Buffer, a social media management software company, used UGC for a year on their Instagram channel. Since they didn’t have photos directly related to their product, they got creative with their approach. They featured photos taken by their followers from around the world. To give it an element of relatability, they used clever puns and captions.
Even though the content was far from brand-centric, it helped them get more visibility on Instagram. With the help of the hashtag, #BufferCommunity, they even managed to instill a sense of belongingness among their followers.
Within a year of featuring user-generated content, Buffer grew their Instagram audience by almost 400%. From 4,250 followers, their follower count jumped to over 21,000.
Another great way to create buzz about your brand with UGC is through contests. Starbucks’ White Cup Contest is an excellent example of this strategy. They encouraged their fans to take a Starbucks cup and fill it with doodles.
To take part in the competition, users had to take a photo of their cups and submit their designs on social media with #WhiteCupContest.The design on the winning entry was featured on their new limited edition reusable plastic cup.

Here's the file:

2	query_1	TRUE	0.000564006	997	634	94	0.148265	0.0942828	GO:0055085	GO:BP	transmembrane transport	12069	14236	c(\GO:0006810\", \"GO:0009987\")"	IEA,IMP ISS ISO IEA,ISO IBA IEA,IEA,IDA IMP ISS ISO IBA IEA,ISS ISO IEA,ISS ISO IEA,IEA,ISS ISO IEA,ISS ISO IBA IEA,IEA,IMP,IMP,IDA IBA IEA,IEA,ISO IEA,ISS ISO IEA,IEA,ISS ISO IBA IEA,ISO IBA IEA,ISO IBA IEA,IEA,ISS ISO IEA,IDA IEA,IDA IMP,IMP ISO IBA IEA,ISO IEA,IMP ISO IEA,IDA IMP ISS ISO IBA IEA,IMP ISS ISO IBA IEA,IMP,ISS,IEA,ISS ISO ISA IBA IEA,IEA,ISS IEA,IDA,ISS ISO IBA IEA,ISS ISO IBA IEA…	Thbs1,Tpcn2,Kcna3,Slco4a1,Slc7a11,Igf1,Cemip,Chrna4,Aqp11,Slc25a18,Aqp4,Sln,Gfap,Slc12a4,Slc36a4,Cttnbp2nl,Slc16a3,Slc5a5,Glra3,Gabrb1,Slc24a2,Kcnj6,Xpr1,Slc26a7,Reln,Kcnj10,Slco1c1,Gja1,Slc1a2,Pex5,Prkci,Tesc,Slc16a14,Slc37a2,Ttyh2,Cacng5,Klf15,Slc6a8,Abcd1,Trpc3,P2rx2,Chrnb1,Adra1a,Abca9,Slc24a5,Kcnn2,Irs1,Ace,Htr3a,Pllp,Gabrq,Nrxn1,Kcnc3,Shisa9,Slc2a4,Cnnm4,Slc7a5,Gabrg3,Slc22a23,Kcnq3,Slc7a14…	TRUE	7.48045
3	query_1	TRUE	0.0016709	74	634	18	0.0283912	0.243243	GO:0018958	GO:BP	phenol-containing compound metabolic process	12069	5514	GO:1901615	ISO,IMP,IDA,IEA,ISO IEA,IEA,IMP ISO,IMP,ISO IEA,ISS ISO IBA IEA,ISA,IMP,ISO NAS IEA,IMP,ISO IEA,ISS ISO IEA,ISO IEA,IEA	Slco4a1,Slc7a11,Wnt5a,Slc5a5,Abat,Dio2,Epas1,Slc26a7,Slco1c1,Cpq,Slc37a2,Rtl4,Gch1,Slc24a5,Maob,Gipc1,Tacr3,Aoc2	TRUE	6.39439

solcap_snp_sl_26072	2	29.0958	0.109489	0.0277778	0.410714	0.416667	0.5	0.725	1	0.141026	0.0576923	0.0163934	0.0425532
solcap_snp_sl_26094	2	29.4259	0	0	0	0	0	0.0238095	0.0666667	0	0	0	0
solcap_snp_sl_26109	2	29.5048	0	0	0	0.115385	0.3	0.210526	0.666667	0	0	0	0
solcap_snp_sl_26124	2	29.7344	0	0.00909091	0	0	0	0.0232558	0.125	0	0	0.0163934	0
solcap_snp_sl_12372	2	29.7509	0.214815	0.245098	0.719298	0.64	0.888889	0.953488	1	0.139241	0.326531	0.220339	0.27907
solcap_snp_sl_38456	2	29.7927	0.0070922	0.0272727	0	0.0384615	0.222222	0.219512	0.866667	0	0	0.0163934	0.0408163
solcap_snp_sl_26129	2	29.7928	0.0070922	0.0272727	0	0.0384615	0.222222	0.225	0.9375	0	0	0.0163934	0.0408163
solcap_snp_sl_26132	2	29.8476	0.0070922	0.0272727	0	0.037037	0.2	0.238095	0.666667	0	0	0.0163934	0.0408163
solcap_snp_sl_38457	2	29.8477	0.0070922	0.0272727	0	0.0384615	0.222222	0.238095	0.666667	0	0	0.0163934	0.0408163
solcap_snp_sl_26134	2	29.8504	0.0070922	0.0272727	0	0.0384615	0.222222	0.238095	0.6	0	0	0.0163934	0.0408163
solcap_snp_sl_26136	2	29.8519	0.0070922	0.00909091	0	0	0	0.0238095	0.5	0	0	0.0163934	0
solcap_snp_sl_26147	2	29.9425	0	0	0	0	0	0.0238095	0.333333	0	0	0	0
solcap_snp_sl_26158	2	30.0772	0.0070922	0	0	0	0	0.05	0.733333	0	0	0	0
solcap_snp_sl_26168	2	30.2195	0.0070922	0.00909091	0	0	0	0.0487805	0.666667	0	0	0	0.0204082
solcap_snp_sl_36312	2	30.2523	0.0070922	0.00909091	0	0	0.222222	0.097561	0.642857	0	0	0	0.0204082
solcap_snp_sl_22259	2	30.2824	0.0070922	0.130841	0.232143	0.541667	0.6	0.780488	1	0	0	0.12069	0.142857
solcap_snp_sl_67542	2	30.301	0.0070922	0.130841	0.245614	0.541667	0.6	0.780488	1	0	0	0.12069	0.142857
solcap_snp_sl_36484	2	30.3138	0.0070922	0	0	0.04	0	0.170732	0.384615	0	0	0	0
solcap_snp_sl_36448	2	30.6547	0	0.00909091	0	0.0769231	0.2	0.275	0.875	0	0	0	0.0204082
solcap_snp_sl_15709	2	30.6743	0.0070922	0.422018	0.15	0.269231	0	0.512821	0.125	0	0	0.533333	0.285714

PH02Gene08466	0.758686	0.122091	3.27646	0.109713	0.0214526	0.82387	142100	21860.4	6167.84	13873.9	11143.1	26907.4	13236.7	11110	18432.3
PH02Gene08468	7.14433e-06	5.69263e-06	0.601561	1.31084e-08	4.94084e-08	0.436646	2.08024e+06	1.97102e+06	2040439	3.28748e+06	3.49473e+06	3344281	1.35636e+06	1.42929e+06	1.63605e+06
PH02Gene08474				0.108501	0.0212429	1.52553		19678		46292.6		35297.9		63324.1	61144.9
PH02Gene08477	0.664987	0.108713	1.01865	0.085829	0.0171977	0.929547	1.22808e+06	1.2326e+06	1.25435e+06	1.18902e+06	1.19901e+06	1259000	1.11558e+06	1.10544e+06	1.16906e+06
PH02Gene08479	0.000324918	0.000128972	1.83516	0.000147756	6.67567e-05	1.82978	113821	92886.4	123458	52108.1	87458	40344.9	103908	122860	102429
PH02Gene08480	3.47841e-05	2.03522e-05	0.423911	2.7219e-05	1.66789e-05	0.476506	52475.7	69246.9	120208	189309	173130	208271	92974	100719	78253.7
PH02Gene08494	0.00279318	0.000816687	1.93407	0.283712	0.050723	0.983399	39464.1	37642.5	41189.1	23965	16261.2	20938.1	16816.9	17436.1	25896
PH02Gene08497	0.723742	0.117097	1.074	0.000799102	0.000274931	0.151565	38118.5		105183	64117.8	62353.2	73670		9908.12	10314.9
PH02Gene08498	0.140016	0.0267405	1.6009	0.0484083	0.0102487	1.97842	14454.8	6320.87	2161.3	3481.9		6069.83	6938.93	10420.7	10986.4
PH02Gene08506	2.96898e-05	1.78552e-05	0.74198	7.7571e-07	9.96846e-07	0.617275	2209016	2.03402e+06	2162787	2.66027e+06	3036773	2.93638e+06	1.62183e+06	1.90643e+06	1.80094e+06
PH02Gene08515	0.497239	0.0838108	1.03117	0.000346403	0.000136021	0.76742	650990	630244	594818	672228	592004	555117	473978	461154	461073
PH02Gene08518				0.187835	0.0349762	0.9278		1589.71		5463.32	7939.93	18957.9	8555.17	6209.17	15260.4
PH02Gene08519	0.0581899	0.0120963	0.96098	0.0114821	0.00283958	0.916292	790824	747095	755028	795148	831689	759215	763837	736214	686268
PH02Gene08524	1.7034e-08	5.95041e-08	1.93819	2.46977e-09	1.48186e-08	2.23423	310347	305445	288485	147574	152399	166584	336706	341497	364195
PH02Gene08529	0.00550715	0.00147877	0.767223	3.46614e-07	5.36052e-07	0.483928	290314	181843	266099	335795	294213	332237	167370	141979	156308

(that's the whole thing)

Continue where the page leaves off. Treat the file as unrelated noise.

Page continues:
In a span of three weeks, they received nearly 4,000 entries from their customers. Not only did this UGC campaign give them publicity, but it also helped them with product design
To get the most out of their marketing campaigns, Aerie often collaborates with influencers for UGC content. They are committed to the body positivity movement and want women to be comfortable in their skin. So, they don’t airbrush the photos they used in their campaigns.
To promote this cause, they collaborated with several micro and nano-influencers who posted unedited photos of themselves. Furthermore, they encouraged users to post their untouched photos wearing Aerie’s swimsuits.
Not only did their social campaign win a lot of accolades, they also got great participation. They received images of women in all sizes flaunting their swimsuits.
Aerie’s UGC campaign had all the right ingredients needed to create a successful marketing strategy: a social cause, influencers, and UGC.
Airbnb uses the power of UGC for storytelling. They encourage their customers to post photos of their vacation homes and experiences on social media.
They feature these posts on their Instagram handle to give their followers a better idea of what they can expect during the stay. What’s more, they add details of the place or the host in their captions to create a compelling narrative.
It’s based on a basic rule in marketing — Show, don’t tell. Instead of just listing the features of every vacation home, they have made an effort to give their users an overview of the whole experience. From this example, it’s evident that UGC can also play a central role in shaping a brand’s narrative.